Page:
Erotica, Vaccines, Elections and Norse Gods: Emotional reactions to complexity are complicated

The ICCS group works across the world on a dizzying breadth of projects but to my mind there is one theme that links them all, social situations are complicated and your actions often have unintended consequences. This sounds like a bit of a platitude and maybe it is, but I think just the strength of that as a theme tells us a lot. If all the members of a large lab are spending their waking hours trying to understand the social forces behind just one topic, conservation, then the wider world must be hideously complex.

beowolfI think the interesting part is not that the world is complex but the way people react to that complexity. Complexity makes the world hard to understand which is quite frankly, terrifying. An unpredictable world means you can’t effectively plan for the future, but instead have to live with uncertainty. Possibly one of the most ubiquitous phenomena is inventing stories to explain the world, from Kipling’s “Just So” stories to legends about battling Norse gods causing lightning.

To me these stories are wards against complexity; they simplify the world, turn shades of grey into black and white making it more tolerable. The stories therefore become a critical emotional defence, one that you can’t challenge with logic. This is an established concept; a study on anti-vacciners found that providing more information made them more opposed to vaccines. This goes against the broadly held view that providing someone with more facts will help them make a more sensible decision.This is tough to deal with as a researcher; scientists experience this phenomenon just as much as everyone else. You want your results to show a clear finding, to have a nice figure and take home message.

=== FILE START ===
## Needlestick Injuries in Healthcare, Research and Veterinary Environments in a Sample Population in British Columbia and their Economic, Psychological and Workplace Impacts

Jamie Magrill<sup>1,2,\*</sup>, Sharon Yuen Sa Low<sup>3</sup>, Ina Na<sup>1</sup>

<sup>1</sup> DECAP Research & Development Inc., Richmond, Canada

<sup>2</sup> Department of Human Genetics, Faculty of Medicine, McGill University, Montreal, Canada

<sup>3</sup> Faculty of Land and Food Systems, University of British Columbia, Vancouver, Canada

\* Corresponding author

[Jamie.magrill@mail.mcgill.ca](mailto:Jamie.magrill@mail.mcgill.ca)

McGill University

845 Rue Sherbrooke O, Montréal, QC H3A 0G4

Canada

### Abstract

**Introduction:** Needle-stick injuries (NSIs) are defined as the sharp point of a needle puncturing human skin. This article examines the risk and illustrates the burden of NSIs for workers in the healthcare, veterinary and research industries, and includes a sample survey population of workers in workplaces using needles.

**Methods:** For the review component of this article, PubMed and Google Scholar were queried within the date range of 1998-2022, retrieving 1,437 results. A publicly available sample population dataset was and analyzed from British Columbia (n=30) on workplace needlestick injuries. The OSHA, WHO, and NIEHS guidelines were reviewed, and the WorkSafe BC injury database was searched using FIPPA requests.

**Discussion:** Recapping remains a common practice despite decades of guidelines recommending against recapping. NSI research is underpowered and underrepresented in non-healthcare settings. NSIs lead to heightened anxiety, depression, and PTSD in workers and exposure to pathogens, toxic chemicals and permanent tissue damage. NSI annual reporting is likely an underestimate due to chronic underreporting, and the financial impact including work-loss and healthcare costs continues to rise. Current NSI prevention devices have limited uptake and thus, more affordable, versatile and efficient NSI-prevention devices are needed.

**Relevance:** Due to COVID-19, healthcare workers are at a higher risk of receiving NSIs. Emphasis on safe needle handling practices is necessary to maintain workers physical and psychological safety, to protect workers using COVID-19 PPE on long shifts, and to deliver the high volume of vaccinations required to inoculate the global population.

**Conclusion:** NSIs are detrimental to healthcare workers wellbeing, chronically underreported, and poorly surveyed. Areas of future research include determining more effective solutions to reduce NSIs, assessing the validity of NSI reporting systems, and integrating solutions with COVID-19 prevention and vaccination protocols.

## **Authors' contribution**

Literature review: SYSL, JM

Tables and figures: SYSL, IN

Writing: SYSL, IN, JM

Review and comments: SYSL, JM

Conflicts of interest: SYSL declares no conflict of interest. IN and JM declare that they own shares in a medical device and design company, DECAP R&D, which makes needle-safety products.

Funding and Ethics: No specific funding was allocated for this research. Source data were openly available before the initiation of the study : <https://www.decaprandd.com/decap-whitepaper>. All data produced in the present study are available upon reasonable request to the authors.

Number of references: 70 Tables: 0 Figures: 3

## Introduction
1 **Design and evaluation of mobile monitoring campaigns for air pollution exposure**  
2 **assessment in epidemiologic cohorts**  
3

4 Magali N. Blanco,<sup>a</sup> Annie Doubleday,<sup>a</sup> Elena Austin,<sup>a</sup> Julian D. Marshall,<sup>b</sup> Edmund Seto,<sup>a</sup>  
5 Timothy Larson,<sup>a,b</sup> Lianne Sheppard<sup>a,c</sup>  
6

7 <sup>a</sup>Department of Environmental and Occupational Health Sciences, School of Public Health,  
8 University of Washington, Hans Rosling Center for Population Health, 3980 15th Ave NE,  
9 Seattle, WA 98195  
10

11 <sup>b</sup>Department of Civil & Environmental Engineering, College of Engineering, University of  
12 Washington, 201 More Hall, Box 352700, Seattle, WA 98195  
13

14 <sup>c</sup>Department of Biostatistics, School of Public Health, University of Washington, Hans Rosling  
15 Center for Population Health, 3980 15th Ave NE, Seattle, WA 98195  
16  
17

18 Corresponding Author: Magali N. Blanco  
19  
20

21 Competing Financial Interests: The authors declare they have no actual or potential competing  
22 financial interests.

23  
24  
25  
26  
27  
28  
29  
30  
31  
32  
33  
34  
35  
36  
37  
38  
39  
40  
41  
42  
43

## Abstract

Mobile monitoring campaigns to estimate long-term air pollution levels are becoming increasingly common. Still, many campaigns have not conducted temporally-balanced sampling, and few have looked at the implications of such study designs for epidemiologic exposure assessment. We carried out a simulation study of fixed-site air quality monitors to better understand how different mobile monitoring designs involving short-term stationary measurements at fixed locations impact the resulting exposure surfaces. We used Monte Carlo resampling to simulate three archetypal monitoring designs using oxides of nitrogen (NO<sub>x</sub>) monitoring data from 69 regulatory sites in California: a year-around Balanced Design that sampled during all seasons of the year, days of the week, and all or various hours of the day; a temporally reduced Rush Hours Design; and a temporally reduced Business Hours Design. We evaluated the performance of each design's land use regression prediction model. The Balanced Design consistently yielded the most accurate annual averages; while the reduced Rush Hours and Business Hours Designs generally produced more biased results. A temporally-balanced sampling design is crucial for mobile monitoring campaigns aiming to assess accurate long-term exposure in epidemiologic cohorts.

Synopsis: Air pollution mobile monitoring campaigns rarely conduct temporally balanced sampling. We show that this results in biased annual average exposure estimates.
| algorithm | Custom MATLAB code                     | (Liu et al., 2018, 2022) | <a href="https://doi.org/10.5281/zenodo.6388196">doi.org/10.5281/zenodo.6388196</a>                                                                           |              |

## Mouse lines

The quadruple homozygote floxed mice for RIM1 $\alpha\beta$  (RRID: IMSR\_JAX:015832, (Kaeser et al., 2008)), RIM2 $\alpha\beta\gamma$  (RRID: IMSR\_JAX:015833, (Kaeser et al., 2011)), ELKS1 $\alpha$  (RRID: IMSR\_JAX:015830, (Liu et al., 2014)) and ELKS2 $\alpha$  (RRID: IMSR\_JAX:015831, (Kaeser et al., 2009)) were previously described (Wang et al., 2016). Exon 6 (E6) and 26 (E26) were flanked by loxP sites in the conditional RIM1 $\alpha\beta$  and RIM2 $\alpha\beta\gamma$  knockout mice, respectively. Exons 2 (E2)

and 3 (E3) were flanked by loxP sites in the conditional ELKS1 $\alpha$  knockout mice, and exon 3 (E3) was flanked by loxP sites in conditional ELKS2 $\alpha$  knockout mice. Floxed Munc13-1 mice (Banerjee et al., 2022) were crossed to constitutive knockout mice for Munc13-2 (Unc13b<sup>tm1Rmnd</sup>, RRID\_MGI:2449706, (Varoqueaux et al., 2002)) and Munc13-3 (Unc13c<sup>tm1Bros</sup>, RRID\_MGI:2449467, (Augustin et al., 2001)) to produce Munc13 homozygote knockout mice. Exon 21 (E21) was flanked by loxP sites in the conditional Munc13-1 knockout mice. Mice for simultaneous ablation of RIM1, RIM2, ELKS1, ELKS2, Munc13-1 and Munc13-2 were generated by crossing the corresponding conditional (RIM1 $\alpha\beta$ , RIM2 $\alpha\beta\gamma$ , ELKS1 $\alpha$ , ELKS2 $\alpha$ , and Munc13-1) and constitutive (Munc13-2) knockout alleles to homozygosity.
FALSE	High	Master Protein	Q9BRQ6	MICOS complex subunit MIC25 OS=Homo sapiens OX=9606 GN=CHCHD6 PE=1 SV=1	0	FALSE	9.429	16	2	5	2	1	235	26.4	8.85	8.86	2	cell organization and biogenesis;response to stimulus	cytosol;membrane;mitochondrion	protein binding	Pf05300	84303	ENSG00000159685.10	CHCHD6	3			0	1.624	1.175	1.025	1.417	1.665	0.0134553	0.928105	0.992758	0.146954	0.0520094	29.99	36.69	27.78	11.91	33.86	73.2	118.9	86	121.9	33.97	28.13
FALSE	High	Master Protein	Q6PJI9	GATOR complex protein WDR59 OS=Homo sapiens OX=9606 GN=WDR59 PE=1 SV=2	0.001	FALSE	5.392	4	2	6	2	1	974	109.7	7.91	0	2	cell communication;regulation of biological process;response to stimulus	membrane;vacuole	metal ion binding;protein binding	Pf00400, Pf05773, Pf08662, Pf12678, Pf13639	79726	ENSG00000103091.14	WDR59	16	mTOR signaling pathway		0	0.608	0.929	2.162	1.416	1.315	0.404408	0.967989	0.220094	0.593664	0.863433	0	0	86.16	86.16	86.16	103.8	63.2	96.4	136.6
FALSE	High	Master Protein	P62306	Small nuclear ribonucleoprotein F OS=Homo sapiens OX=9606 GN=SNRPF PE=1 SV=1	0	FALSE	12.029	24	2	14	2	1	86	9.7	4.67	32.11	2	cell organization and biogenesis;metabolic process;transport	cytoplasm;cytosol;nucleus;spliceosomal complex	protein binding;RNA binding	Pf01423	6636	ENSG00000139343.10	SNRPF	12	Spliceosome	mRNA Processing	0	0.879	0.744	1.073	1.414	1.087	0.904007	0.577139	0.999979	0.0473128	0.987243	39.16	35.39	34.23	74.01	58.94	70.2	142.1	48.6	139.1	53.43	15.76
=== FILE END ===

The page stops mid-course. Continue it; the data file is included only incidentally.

It’s unsettling studying complex social situations, not least because which journal is going to accept an article titled “50 shades of grey”? How we as a field tackle this is up for debate, I hope we tackle it with frank honesty and admit when answers are messy and complex. It seems to me that we’re doing fairly well so far, conservation as a field has responded positively to this human mechanic in others and worked to overcome it by engaging people and developing trust. Terms like “stakeholder engagement” and “ownership” have become a fundamental part of how conservation practitioners interact with this complex world. We’ve learnt from the past and now we use these approaches to both understand and develop relationships, an essential tool in overcoming emotional defences against complexity.

Recent politics have made things appear polarised. I suspect however that as with conservation, the world is more likely to be grey rather than black and white. I don’t know what the solution is but I suspect the answer will have something to do with understanding, empathy and communication rather than cold hard facts.

Sam Lloyd (although inspired by EJ Milner-Gulland)